From “Serious Trouble” to “Wayposts, No Garlic,” pp. 141–165
And so our narrator has entered the desert in search of Denoon’s Xanadu, the village of Tsau. Last time Tim Horvath left us, after an excellent discussion of boredom, at “Serious Trouble.” Our narrator explains the nature of that trouble: it “began on the fourth or fifth day out. It happened because I was doing a thing I had been warned not to do in the desert: I was reviewing my life.”
Isn’t it always this way? The real difficulty begins when we peer into the labyrinth of ourselves. “The trees were clotted with mud nests, weaverbird nests, sometimes six in a tree,” she explains of the desolate scene:
But there was no birdlife. The nests were dead. Not only were there no birds but there was none of the mild almost subliminal background shuffling caused by animals like springhares and lizards you become used to sensing. I kept yawning, for no reason.
The longueurs of our narrator’s trek across the desert—before the wondrous realities of Tsau appear—allow any sense of illusion to fall by the wayside. In the Kalahari, where “you are on display for miles in every direction,” we see her clearly, and she, even writing in retrospect, seems to see herself clearly, too—even restively. “I wanted to know why my life path had led me into such a frightening place,” she writes, “if I was as intelligent as I was supposed to be. It was because of a fixation on another human, a male.” We already know, of course, that things with Denoon won’t work out. Her tone, here and elsewhere, has made that clear. This is a remembering, a grasping to understand the great mystery of failed love. But our narrator isn’t one to allow herself to wallow, at least not without dissecting it:
It was about now that I noticed with disgust a trace of elation in my reaction to what things had come to. Apparently I was furtively pleased that the level of difficulty had gone up. I reject this tendency in humanity. I had always seen it as a specifically male pathology, yet here it was, even if dilutely.
Rush uses the slow pace of the desert to the story’s advantage: we’re treated to a set of previews in which we glimpse our narrator and Denoon’s intellectual rapport. Thus we see her in dire straits, walking to Tsau, and in rare form, especially in her conversations with Denoon about his childhood, where she examines, always with the wry voice of an anthropologist, her conceptions (and misconceptions) of the female and male psyche. And what to make of perhaps the most telling part of this installment: the story of Nelson as a boy and the bottle pyramid he created, destroyed by his alcoholic father?
For pages, our narrator recounts how Denoon’s father, an alcoholic, tosses his empty booze bottles out the window where they land beyond a hedge in a gully. They collect there, giving proof, shameful proof, of the quantity of alcohol his father consumed. His parents were inside people, Denoon says, and so this bottle dump became the epic secret playground and raw material for him. He builds a pyramid of bottles and inside it wires up a light. Denoon’s father discovers the contraption, this monument to ingenuity, takes it as criticism of his drinking, and clumsily tries to destroy it with a wrench and then a pickaxe. But he’s drunk; he makes a mess of it. Ultimately Denoon retrieves the pickaxe from a dark gulley for his father so his father doesn’t hurt himself trying to retrieve the wrench amid the broken glass of the still beaming prism.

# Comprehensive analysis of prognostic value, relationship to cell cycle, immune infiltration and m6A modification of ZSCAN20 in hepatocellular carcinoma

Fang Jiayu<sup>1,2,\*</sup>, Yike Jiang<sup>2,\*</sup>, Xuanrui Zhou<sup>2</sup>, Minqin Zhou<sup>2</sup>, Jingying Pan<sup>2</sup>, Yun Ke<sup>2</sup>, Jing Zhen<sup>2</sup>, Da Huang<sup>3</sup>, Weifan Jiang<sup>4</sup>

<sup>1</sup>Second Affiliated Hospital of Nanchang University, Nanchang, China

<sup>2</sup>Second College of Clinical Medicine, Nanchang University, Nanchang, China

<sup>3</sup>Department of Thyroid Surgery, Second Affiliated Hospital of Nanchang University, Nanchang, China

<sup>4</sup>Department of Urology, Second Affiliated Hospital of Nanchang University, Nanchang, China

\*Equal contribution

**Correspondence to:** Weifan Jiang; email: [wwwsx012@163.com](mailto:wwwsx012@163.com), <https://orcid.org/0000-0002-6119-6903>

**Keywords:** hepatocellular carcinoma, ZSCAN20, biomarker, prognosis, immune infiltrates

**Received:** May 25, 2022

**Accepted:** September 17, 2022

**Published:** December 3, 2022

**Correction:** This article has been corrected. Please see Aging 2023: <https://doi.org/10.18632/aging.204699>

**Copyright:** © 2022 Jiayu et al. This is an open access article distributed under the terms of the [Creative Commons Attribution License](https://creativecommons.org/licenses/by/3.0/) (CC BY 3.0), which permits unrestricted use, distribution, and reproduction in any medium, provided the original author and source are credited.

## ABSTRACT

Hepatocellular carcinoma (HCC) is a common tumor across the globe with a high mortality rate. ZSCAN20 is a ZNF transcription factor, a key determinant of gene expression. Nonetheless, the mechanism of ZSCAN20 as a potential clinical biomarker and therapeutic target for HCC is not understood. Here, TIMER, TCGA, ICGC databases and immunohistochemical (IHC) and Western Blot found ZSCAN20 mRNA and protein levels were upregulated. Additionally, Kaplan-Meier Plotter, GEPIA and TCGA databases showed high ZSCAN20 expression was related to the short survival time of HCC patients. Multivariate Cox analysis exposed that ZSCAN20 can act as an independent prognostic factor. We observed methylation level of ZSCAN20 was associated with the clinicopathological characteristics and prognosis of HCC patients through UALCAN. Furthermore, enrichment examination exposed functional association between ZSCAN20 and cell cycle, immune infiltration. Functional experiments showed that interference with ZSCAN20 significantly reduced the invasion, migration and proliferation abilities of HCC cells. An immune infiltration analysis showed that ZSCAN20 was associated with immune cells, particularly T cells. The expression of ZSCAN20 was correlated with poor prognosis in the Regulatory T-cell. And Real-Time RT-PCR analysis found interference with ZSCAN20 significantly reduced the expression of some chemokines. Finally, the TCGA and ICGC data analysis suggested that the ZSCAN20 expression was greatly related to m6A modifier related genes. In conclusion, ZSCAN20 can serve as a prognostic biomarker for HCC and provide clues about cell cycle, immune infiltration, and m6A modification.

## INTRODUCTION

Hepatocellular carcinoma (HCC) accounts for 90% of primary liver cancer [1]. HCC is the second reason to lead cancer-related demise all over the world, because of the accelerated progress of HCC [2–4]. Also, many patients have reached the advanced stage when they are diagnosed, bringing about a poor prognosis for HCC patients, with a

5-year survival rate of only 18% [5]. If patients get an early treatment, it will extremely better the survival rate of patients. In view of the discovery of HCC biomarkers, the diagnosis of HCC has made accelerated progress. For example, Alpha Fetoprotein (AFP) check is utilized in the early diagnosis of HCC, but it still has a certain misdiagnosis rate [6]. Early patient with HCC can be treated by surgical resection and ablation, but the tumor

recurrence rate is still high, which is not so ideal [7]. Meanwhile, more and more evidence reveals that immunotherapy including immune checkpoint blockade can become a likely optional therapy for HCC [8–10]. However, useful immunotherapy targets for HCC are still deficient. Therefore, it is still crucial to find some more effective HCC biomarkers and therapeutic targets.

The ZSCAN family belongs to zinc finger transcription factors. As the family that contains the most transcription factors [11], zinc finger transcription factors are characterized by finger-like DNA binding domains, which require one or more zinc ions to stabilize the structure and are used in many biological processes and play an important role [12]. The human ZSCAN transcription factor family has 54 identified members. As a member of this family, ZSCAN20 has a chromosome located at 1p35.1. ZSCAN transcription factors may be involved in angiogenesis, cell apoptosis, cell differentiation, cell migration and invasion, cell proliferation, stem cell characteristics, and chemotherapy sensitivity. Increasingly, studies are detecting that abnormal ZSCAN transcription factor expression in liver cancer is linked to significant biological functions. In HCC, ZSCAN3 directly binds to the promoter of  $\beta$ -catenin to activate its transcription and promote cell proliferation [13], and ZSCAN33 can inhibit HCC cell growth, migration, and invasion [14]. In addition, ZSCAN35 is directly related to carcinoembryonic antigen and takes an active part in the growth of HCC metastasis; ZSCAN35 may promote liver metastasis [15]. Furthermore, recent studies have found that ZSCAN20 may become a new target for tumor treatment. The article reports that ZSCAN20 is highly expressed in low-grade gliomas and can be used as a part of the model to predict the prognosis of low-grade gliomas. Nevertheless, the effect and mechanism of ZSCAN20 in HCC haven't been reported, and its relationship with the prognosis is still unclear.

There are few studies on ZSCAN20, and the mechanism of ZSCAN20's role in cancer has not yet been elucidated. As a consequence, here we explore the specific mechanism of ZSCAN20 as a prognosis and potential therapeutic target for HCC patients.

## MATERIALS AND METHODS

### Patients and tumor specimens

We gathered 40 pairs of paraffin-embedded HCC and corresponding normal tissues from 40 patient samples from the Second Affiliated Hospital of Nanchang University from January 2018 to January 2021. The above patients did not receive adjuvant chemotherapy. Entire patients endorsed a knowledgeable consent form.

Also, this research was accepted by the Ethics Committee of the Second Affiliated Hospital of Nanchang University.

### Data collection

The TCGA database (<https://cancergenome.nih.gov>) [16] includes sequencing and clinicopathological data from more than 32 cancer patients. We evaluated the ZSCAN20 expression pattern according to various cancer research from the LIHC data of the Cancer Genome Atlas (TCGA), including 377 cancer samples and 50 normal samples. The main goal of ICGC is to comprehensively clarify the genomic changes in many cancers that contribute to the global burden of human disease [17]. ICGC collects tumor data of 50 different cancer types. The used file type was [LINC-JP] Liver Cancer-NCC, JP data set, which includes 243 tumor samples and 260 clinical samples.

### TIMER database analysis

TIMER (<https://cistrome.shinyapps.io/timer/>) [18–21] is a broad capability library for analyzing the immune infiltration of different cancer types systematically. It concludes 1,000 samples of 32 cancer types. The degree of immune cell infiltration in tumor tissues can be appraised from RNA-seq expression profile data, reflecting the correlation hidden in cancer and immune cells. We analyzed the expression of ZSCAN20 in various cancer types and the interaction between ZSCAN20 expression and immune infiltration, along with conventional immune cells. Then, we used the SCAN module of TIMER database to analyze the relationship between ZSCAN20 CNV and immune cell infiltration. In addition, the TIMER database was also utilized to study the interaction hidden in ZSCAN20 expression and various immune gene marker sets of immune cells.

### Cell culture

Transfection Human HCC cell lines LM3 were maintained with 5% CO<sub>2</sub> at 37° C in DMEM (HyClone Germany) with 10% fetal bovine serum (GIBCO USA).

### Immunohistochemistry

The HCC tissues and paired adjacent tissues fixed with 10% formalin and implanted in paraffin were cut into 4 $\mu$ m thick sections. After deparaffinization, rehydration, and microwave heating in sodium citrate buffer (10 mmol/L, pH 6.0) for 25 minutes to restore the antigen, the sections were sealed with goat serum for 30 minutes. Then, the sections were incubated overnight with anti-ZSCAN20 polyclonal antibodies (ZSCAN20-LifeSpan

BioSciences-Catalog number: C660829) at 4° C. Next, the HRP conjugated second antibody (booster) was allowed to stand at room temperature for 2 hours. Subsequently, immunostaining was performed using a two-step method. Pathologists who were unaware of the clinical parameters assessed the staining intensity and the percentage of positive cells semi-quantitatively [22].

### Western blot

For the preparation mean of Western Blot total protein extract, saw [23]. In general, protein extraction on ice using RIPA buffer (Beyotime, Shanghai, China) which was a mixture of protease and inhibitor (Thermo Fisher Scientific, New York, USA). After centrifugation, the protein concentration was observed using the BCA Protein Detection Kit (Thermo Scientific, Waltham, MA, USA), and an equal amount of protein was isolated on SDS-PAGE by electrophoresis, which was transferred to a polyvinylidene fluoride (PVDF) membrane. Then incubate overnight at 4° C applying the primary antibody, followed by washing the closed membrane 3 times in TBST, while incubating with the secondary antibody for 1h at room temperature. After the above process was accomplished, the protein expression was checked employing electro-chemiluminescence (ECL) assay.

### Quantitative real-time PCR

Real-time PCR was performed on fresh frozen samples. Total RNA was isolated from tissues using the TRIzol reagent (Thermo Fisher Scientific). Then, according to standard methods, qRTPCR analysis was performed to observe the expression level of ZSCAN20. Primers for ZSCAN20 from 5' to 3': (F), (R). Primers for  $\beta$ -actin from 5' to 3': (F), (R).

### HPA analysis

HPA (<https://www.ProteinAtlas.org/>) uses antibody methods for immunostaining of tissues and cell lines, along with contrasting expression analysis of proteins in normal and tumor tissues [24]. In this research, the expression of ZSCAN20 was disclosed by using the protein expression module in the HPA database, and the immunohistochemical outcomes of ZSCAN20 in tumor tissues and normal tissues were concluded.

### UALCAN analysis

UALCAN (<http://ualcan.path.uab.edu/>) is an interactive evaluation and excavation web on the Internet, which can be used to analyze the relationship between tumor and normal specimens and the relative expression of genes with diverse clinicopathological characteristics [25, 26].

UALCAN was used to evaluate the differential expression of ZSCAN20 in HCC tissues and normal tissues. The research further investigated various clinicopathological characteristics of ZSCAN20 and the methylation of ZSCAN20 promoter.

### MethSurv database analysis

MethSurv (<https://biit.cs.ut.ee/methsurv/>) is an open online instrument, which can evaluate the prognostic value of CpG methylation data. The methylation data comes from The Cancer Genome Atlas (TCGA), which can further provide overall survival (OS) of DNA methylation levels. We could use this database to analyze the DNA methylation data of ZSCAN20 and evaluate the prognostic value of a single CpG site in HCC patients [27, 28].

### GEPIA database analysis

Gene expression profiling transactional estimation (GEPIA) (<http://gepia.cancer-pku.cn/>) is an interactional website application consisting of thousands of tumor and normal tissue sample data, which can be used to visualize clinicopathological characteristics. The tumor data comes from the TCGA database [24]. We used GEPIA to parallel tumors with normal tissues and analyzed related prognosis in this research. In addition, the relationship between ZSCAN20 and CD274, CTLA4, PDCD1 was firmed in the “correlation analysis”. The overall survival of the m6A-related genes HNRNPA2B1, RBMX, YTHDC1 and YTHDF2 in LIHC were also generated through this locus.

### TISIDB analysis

Why is it, I asked him more than once, that when I hear this story I feel worse than you do? He once went so far as to say that it might have been worse: his father might have made him demolish the structure himself. So it goes among the males.
So much of Mating is about the inexplicable differences between the sexes. In a sense, this becomes the long awaited thesis of our anthropologist— Denoon and herself, their relationship, the symbiotic needs of males and females. This chapter, and indeed the whole book, are littered with these sharp, focusing lines. “So it goes among the males.” We’re never permitted the certainty that comes with a real conclusion, though; in our narrator’s head, we must circle back, always reexamining our premises.
All I could think the first time I heard this story was if you marry you will regret it, if you fail to marry you will regret it. This was one of the few things I was able to bring to Denoon’s already topheavy intellectual armamentarium. He had somehow missed reading the great Either/Or of Kierkegaard … And what I was thinking, of course, was if you have a father you will regret it, If you have no father you will regret it: I was thinking of myself.
This is a kind of origin story, and its telling is plainly a major moment in their courtship: this is one of those stories that causes our narrator to fall in love with Denoon, a moment of real intimacy in which he reveals a fairly gaping wound in his psyche. And yet we also see in this flashback the gentle miscomprehension, the dissonance, between Denoon’s world and our narrator’s. By nature and profession they are both searchers, explainers, and yet the worlds they perceive are divergent. Their conclusions can never be identical. Love, our narrator seems to say, can also be a Xanadu—a pleasure we lust after only to see it revealed as a desert mirage.
And it’s here, at the gates of Tsau, that I leave you. The mythical experiment and the savior-complex male we’ve glimpsed only from afar, will now come center stage.
Geoff Bendeck’s essays have been published by the New York Times, LA Review of Books, Electric Literature, Men’s Journal, and The Rumpus, among others.